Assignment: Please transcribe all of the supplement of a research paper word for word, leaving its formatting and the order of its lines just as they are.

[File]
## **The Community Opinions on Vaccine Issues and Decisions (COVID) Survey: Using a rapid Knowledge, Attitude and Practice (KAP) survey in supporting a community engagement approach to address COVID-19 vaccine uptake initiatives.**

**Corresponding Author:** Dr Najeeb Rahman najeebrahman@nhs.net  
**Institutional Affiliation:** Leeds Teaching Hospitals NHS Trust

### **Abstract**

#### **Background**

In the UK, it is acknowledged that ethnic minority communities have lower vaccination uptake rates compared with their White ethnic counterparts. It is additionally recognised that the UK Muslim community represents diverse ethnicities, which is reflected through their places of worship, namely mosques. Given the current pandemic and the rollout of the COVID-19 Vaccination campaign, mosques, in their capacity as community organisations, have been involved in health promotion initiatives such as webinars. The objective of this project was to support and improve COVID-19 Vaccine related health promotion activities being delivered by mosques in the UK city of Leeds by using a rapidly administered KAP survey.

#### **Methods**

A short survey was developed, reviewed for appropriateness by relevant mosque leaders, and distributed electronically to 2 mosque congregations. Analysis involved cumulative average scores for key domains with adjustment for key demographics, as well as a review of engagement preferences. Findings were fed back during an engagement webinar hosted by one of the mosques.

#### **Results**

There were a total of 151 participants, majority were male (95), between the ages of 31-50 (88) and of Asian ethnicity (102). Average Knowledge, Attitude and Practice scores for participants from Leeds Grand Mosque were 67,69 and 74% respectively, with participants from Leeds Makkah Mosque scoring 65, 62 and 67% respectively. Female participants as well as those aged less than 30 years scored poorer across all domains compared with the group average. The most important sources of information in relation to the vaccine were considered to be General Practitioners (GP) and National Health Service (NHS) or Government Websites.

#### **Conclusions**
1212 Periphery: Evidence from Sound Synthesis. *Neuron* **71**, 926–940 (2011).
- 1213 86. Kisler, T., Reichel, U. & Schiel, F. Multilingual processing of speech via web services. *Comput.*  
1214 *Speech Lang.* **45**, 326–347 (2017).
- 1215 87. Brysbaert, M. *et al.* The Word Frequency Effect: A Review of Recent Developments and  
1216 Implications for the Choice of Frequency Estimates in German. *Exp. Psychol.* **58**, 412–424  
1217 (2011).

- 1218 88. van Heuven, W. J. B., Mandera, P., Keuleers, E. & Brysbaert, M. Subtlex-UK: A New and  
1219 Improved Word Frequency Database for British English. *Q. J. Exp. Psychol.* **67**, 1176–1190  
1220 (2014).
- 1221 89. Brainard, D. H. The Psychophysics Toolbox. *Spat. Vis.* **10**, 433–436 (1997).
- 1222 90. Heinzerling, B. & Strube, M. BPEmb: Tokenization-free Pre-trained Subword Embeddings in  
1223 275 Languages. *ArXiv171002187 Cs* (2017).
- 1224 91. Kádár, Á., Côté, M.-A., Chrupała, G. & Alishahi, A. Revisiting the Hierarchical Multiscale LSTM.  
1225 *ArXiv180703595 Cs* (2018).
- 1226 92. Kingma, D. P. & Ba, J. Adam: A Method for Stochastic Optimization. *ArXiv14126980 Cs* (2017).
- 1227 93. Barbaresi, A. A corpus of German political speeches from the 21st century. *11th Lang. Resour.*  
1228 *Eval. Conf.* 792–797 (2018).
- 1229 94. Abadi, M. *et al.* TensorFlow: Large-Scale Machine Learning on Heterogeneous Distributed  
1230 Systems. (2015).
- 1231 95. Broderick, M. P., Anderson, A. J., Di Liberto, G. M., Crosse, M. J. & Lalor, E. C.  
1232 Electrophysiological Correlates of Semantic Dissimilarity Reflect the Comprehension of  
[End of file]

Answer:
## **The Community Opinions on Vaccine Issues and Decisions (COVID) Survey: Using a rapid Knowledge, Attitude and Practice (KAP) survey in supporting a community engagement approach to address COVID-19 vaccine uptake initiatives.**

**Corresponding Author:** Dr Najeeb Rahman najeebrahman@nhs.net  
**Institutional Affiliation:** Leeds Teaching Hospitals NHS Trust

### **Abstract**

#### **Background**

In the UK, it is acknowledged that ethnic minority communities have lower vaccination uptake rates compared with their White ethnic counterparts. It is additionally recognised that the UK Muslim community represents diverse ethnicities, which is reflected through their places of worship, namely mosques. Given the current pandemic and the rollout of the COVID-19 Vaccination campaign, mosques, in their capacity as community organisations, have been involved in health promotion initiatives such as webinars. The objective of this project was to support and improve COVID-19 Vaccine related health promotion activities being delivered by mosques in the UK city of Leeds by using a rapidly administered KAP survey.

#### **Methods**

A short survey was developed, reviewed for appropriateness by relevant mosque leaders, and distributed electronically to 2 mosque congregations. Analysis involved cumulative average scores for key domains with adjustment for key demographics, as well as a review of engagement preferences. Findings were fed back during an engagement webinar hosted by one of the mosques.

#### **Results**

There were a total of 151 participants, majority were male (95), between the ages of 31-50 (88) and of Asian ethnicity (102). Average Knowledge, Attitude and Practice scores for participants from Leeds Grand Mosque were 67,69 and 74% respectively, with participants from Leeds Makkah Mosque scoring 65, 62 and 67% respectively. Female participants as well as those aged less than 30 years scored poorer across all domains compared with the group average. The most important sources of information in relation to the vaccine were considered to be General Practitioners (GP) and National Health Service (NHS) or Government Websites.

#### **Conclusions**
1212 Periphery: Evidence from Sound Synthesis. *Neuron* **71**, 926–940 (2011).
- 1213 86. Kisler, T., Reichel, U. & Schiel, F. Multilingual processing of speech via web services. *Comput.*  
1214 *Speech Lang.* **45**, 326–347 (2017).
- 1215 87. Brysbaert, M. *et al.* The Word Frequency Effect: A Review of Recent Developments and  
1216 Implications for the Choice of Frequency Estimates in German. *Exp. Psychol.* **58**, 412–424  
1217 (2011).

- 1218 88. van Heuven, W. J. B., Mandera, P., Keuleers, E. & Brysbaert, M. Subtlex-UK: A New and  
1219 Improved Word Frequency Database for British English. *Q. J. Exp. Psychol.* **67**, 1176–1190  
1220 (2014).
- 1221 89. Brainard, D. H. The Psychophysics Toolbox. *Spat. Vis.* **10**, 433–436 (1997).
- 1222 90. Heinzerling, B. & Strube, M. BPEmb: Tokenization-free Pre-trained Subword Embeddings in  
1223 275 Languages. *ArXiv171002187 Cs* (2017).
- 1224 91. Kádár, Á., Côté, M.-A., Chrupała, G. & Alishahi, A. Revisiting the Hierarchical Multiscale LSTM.  
1225 *ArXiv180703595 Cs* (2018).
- 1226 92. Kingma, D. P. & Ba, J. Adam: A Method for Stochastic Optimization. *ArXiv14126980 Cs* (2017).
- 1227 93. Barbaresi, A. A corpus of German political speeches from the 21st century. *11th Lang. Resour.*  
1228 *Eval. Conf.* 792–797 (2018).
- 1229 94. Abadi, M. *et al.* TensorFlow: Large-Scale Machine Learning on Heterogeneous Distributed  
1230 Systems. (2015).
- 1231 95. Broderick, M. P., Anderson, A. J., Di Liberto, G. M., Crosse, M. J. & Lalor, E. C.  
1232 Electrophysiological Correlates of Semantic Dissimilarity Reflect the Comprehension of  